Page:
In 2004 the H Road property was sold. From the proceeds of sale of that property the sum of $146,817.96 was repaid in respect of the mortgage on the property. That mortgage however had been incurred for the purposes of purchasing the property at S Road which itself had remained unencumbered. Mr and Ms H received the sum of $330,555.48 which was paid into their ANZ account.


In 2003 Mr and Ms H purchased a half share in three flats in F Street, Tauranga with another relative of Ms H who held the other half share. The purchase price of $375,000 was financed with a mortgage from the ANZ Bank. The flats were sold after having been renovated and after repayment of the mortgage and renovation costs Mr and Mrs H received a sum in the order of $90,000.


In 2004 Ms H's son C purchased a property at V Street, Tauranga. It appears that the purchase was funded by a contribution from the Trust of $9583.93 with the balance being borrowed from the ANZ Bank. Mr H believes that when the property was sold in 2005 C received a payment of $100,000 while the sum of $109,000 was expended by the Trust on a property in Paeroa which was transferred to Mr C's wife.


In the meantime there had been difficulties with the S Road property with disputes between Ms H and her daughter and son-in-law as to what contributions had been made in respect of the interest on the mortgage and how the property was to be utilised. The dispute was ultimately settled by Mr and Ms Constable acquiring what was effectively Mr and Ms H's half share in the property for the sum of $261,672.78. That sum was paid to the Trust.


In 2005 Mr and Ms H purchased a property at B Street, Waihi for $153,000. It is Mr H's position that Ms H insisted that the property be registered in the name of the Trust, although the funds were paid from Mr and Ms H's bank account. Subsequent to Ms H's death, and after negotiations with Mr C, that property was transferred to Mr H.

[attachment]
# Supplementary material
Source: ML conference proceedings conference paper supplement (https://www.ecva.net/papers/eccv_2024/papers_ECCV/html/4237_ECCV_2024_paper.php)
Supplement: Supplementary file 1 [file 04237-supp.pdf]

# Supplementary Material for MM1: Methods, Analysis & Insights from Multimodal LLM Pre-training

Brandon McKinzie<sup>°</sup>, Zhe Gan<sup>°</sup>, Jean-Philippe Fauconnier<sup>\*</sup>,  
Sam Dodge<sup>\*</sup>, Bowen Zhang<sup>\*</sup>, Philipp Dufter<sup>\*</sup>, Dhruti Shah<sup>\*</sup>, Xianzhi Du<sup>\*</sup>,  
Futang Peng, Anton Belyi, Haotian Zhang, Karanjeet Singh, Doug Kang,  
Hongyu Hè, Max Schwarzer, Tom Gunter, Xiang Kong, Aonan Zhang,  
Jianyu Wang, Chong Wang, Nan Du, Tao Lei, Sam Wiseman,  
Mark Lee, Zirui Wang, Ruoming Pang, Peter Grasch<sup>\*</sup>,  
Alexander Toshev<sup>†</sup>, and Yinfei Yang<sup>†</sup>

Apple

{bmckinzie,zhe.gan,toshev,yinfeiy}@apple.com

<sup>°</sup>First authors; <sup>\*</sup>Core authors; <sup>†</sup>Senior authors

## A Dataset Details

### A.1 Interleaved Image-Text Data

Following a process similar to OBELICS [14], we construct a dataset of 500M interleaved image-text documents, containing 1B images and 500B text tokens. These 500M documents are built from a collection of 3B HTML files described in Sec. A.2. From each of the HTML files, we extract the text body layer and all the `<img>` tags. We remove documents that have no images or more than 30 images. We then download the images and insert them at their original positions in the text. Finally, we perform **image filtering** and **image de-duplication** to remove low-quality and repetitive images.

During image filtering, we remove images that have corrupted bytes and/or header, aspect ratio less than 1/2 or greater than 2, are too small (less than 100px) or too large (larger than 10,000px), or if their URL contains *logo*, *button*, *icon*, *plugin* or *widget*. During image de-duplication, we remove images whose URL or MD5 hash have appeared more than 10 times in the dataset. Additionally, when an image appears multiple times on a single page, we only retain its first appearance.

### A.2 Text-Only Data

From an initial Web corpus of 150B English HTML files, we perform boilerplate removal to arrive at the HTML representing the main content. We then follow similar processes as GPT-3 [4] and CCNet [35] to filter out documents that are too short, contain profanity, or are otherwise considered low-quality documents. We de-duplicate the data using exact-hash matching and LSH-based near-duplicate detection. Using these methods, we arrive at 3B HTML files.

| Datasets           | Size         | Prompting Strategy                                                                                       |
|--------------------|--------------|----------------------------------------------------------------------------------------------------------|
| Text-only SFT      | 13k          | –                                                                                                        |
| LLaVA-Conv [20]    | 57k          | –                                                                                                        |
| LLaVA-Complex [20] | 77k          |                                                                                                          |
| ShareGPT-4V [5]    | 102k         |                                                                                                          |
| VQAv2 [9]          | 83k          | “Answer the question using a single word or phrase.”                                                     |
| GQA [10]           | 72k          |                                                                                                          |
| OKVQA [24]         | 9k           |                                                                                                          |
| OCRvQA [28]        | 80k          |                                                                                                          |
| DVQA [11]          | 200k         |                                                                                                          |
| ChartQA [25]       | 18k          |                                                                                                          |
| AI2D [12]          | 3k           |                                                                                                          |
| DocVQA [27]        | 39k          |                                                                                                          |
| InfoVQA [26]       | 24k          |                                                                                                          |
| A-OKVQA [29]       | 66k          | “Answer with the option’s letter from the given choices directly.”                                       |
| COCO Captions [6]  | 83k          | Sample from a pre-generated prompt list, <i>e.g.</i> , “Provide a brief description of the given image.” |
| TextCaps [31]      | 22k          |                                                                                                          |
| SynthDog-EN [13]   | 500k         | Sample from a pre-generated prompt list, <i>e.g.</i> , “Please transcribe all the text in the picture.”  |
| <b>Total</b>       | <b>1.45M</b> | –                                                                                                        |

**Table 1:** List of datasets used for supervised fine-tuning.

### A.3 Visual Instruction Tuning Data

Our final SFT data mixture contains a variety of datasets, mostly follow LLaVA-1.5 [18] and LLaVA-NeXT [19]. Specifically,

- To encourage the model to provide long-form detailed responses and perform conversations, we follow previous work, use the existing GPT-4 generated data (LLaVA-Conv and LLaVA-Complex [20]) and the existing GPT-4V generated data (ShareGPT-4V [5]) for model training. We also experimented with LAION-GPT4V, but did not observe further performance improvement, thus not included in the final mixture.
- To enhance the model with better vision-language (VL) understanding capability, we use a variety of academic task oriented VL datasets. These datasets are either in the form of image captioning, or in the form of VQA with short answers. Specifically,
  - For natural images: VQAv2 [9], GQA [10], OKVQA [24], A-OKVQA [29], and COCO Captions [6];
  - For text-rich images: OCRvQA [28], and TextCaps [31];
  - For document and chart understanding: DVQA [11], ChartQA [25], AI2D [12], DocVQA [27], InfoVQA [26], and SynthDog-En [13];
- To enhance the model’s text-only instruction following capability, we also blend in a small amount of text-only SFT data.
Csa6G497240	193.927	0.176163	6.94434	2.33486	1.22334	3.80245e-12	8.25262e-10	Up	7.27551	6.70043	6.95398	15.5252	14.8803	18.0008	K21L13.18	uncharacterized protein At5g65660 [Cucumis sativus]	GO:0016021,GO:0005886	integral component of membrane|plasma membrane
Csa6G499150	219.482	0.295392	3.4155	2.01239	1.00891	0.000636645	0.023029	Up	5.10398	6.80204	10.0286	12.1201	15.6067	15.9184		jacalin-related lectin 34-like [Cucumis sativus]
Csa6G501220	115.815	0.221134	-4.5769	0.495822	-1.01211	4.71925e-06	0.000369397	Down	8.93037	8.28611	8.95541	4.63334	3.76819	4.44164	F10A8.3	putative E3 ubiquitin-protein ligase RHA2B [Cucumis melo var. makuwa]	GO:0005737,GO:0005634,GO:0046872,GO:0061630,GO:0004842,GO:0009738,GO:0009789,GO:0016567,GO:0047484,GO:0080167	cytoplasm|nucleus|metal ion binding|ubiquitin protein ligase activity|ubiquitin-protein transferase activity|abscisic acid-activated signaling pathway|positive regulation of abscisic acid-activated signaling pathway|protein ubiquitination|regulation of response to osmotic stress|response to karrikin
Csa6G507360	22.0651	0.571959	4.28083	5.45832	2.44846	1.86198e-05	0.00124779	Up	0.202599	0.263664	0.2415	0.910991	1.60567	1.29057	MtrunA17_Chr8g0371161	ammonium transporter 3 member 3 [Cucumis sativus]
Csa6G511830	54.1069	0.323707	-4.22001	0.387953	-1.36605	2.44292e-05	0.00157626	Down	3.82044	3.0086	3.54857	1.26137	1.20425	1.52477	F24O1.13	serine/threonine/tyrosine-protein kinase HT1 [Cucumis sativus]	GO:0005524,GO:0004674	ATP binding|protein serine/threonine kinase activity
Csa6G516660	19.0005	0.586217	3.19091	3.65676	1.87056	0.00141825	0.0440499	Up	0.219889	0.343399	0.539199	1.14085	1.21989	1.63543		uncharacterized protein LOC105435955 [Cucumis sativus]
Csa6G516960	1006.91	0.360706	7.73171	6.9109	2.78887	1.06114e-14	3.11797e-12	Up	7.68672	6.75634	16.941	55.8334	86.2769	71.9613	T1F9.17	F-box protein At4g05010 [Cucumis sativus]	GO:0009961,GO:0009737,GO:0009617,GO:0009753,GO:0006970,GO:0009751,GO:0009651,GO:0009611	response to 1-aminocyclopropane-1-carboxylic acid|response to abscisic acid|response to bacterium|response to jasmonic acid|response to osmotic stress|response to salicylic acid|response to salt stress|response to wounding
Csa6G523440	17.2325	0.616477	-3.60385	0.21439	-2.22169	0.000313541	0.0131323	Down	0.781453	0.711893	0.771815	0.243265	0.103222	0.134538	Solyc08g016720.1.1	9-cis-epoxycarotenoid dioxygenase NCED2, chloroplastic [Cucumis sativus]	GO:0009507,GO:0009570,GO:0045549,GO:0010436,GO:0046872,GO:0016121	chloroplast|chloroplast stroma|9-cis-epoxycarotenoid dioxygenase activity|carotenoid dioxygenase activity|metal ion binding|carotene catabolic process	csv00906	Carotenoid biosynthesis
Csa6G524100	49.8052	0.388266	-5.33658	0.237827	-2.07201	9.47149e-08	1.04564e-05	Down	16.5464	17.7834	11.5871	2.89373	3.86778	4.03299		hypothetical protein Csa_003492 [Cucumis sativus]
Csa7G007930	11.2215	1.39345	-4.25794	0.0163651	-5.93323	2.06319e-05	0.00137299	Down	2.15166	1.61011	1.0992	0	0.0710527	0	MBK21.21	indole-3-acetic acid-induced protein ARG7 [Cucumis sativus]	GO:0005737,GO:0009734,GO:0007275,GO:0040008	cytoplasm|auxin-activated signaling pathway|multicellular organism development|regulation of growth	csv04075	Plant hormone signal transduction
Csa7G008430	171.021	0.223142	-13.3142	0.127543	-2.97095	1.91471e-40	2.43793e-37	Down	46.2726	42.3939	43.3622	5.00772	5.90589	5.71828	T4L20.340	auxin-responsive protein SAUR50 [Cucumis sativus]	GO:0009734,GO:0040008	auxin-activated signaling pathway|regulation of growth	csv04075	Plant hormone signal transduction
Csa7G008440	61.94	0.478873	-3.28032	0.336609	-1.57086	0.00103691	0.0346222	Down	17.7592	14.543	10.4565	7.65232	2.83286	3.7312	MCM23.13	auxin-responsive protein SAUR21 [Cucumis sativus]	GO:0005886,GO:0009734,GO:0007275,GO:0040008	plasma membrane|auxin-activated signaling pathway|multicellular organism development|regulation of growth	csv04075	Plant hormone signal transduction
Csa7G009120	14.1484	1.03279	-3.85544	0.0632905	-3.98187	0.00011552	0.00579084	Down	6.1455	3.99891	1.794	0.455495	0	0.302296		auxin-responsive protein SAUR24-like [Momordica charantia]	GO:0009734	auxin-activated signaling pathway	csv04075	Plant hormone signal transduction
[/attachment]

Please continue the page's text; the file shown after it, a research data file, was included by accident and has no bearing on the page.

Subsequent to Ms H's death Mr H entered into an agreement to purchase a property at C Street, Tauranga. This is the home in which Mr H currently resides. It is his evidence that given that the S Road property was being sold he had nowhere to live and was required to purchase another property. His evidence is also that he had an expectation that he would simply be able to use the S Road sale funds to purchase the C Street property. He was then required to complete the purchase in the name of the Trust because he effectively had no choice given the source of the funds from S Road and presumably the position of the trustees. Accordingly the C Street property was settled in the name of the trustees of the Trust with the settlement funds consisting of a $15,000 contribution by Mr H from his own funds with the sum of $285,360.99 being contributed by the Trust. In fact the figures referred to in Mr H's affidavit do not appear to reconcile, as the purchase price of the C Street property was $320,000. From Mr H's evidence the funds contributed by he and the Trust amounted to $300,360.99. It is accordingly unclear as to where the balance of the funds came from.


The broad position therefore is that but for the formation of the Trust Mr H would have had the benefit of $408,490.74 representing the S Road sale funds of $261,672.78 and the mortgage of $146,870.96 repaid on the sale of the H Road property which was raised in respect of the purchase of the S Road property.


It is Mr H's position that he has effectively been duped by the trustees of the Trust resulting in a position which he has no level of security in respect of his occupation of C Street as he has no control over the Trust and is not a beneficiary. This, despite the fact that it would appear that the funds for Mr and Mrs H have been used to purchase Trust property including the C Street property.


The trustees of the Trust would appear to be Mr C, the late Ms H and a Ms R H. While the Trust purports to be a charitable trust it would appear that it is not registered as such. The objectives of the Trust which are also referred to in...